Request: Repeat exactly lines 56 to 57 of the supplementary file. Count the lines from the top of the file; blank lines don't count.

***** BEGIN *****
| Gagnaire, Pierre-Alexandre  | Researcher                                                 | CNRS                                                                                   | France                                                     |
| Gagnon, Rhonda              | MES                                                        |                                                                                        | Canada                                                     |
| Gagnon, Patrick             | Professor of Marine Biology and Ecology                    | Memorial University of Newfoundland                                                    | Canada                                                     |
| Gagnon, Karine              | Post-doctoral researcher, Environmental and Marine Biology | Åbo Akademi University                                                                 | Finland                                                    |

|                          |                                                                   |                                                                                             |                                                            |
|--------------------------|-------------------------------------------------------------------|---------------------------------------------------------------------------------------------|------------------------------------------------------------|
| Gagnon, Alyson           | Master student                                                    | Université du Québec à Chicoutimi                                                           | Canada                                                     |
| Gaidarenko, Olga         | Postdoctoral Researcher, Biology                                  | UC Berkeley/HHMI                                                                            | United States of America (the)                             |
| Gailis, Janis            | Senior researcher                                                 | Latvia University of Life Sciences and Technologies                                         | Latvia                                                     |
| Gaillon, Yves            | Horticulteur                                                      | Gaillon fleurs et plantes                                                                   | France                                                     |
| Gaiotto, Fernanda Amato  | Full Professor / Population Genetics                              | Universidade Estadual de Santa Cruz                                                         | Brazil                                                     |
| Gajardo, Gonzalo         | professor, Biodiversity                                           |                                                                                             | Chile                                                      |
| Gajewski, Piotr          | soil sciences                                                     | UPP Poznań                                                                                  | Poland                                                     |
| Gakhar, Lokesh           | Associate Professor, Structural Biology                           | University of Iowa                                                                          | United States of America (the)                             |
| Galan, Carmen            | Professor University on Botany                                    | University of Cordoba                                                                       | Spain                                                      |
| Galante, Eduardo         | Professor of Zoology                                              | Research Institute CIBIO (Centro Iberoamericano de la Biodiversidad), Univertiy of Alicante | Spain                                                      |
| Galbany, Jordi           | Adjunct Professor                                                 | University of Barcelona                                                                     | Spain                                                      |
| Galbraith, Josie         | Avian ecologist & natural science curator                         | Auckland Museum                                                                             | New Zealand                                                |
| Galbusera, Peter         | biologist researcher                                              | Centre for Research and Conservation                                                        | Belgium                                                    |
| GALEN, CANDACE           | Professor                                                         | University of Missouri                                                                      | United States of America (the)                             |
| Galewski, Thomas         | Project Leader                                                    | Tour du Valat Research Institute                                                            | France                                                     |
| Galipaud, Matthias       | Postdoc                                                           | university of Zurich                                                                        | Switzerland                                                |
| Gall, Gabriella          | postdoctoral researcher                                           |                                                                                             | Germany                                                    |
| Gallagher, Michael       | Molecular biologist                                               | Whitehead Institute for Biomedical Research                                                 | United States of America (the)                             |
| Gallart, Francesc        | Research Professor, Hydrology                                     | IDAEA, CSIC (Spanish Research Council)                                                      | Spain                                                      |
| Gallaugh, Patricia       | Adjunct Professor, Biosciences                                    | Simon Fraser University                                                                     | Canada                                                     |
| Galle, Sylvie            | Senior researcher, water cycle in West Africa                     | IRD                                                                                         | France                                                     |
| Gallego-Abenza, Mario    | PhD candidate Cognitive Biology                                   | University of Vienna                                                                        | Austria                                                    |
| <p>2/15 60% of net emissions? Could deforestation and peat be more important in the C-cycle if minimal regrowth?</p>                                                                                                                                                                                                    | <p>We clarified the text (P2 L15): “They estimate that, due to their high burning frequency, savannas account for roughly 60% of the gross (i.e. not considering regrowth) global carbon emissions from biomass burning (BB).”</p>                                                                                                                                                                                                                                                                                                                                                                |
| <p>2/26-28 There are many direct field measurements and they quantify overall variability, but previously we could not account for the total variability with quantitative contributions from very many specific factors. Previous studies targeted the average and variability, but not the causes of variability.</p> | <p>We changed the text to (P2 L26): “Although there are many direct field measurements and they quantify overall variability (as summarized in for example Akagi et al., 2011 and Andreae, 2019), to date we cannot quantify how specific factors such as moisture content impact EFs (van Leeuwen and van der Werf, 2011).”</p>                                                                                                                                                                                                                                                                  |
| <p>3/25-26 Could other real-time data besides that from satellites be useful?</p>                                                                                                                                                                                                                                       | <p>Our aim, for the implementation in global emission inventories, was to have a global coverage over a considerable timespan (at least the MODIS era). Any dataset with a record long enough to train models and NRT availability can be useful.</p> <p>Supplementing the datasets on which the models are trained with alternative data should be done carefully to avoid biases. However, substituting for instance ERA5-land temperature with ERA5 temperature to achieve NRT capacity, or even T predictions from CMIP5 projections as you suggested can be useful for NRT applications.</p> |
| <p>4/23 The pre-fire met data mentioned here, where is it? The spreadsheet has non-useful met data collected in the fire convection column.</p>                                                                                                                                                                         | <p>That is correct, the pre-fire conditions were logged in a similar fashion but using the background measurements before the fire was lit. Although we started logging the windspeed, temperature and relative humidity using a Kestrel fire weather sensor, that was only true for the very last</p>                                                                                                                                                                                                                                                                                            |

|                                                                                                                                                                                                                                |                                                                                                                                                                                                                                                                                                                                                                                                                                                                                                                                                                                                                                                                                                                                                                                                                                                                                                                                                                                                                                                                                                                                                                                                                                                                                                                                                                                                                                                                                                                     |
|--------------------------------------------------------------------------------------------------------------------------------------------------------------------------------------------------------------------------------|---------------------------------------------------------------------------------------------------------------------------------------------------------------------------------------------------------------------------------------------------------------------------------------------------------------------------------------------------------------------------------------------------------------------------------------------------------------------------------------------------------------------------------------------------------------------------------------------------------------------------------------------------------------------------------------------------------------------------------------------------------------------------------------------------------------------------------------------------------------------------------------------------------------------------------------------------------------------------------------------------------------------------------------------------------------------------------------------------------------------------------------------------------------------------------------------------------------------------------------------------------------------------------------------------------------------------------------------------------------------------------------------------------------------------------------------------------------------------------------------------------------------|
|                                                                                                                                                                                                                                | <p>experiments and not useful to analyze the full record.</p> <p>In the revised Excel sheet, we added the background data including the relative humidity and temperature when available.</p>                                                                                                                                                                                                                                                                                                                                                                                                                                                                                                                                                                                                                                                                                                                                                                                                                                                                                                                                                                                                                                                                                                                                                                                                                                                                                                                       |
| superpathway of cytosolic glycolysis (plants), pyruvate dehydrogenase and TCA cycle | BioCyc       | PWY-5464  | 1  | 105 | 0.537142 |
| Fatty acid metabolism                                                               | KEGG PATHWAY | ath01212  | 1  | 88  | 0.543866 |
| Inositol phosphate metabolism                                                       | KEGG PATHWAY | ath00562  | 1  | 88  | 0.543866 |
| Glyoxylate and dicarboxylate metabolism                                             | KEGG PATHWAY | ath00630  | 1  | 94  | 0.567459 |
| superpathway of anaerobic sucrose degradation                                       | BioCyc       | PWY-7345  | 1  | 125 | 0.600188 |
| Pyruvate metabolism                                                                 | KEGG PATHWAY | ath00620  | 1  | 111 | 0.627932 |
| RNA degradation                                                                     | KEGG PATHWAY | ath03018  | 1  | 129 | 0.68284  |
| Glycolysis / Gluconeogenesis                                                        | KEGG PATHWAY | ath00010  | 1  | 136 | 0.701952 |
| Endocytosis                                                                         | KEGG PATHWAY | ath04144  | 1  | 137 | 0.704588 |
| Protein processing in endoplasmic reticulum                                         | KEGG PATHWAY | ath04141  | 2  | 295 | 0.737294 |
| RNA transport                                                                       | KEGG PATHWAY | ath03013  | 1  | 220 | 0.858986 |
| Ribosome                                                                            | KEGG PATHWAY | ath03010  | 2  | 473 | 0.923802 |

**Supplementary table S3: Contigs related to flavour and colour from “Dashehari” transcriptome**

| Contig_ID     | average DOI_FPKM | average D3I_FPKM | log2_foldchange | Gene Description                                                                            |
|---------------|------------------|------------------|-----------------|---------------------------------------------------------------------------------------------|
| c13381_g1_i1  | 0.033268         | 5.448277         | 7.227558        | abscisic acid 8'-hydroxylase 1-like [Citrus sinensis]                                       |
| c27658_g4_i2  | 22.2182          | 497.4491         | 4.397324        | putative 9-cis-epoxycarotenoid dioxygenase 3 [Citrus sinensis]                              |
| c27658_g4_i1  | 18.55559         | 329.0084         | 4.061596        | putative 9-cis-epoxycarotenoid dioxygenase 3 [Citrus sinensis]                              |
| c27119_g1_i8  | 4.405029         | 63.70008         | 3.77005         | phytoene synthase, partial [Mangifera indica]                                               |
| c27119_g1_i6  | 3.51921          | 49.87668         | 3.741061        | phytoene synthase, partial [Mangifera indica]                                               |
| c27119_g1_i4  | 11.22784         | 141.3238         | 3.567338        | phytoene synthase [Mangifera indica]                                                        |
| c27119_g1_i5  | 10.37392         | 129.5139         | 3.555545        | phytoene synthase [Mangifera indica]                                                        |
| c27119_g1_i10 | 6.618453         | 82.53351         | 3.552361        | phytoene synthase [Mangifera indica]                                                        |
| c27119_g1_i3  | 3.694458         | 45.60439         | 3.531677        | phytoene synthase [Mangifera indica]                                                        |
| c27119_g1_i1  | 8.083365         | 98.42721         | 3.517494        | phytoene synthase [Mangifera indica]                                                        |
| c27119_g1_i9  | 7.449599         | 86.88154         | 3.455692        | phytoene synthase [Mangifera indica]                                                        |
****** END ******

| c27119_g1_i4  | 11.22784         | 141.3238         | 3.567338        | phytoene synthase [Mangifera indica]                                                        |
| c27119_g1_i5  | 10.37392         | 129.5139         | 3.555545        | phytoene synthase [Mangifera indica]                                                        |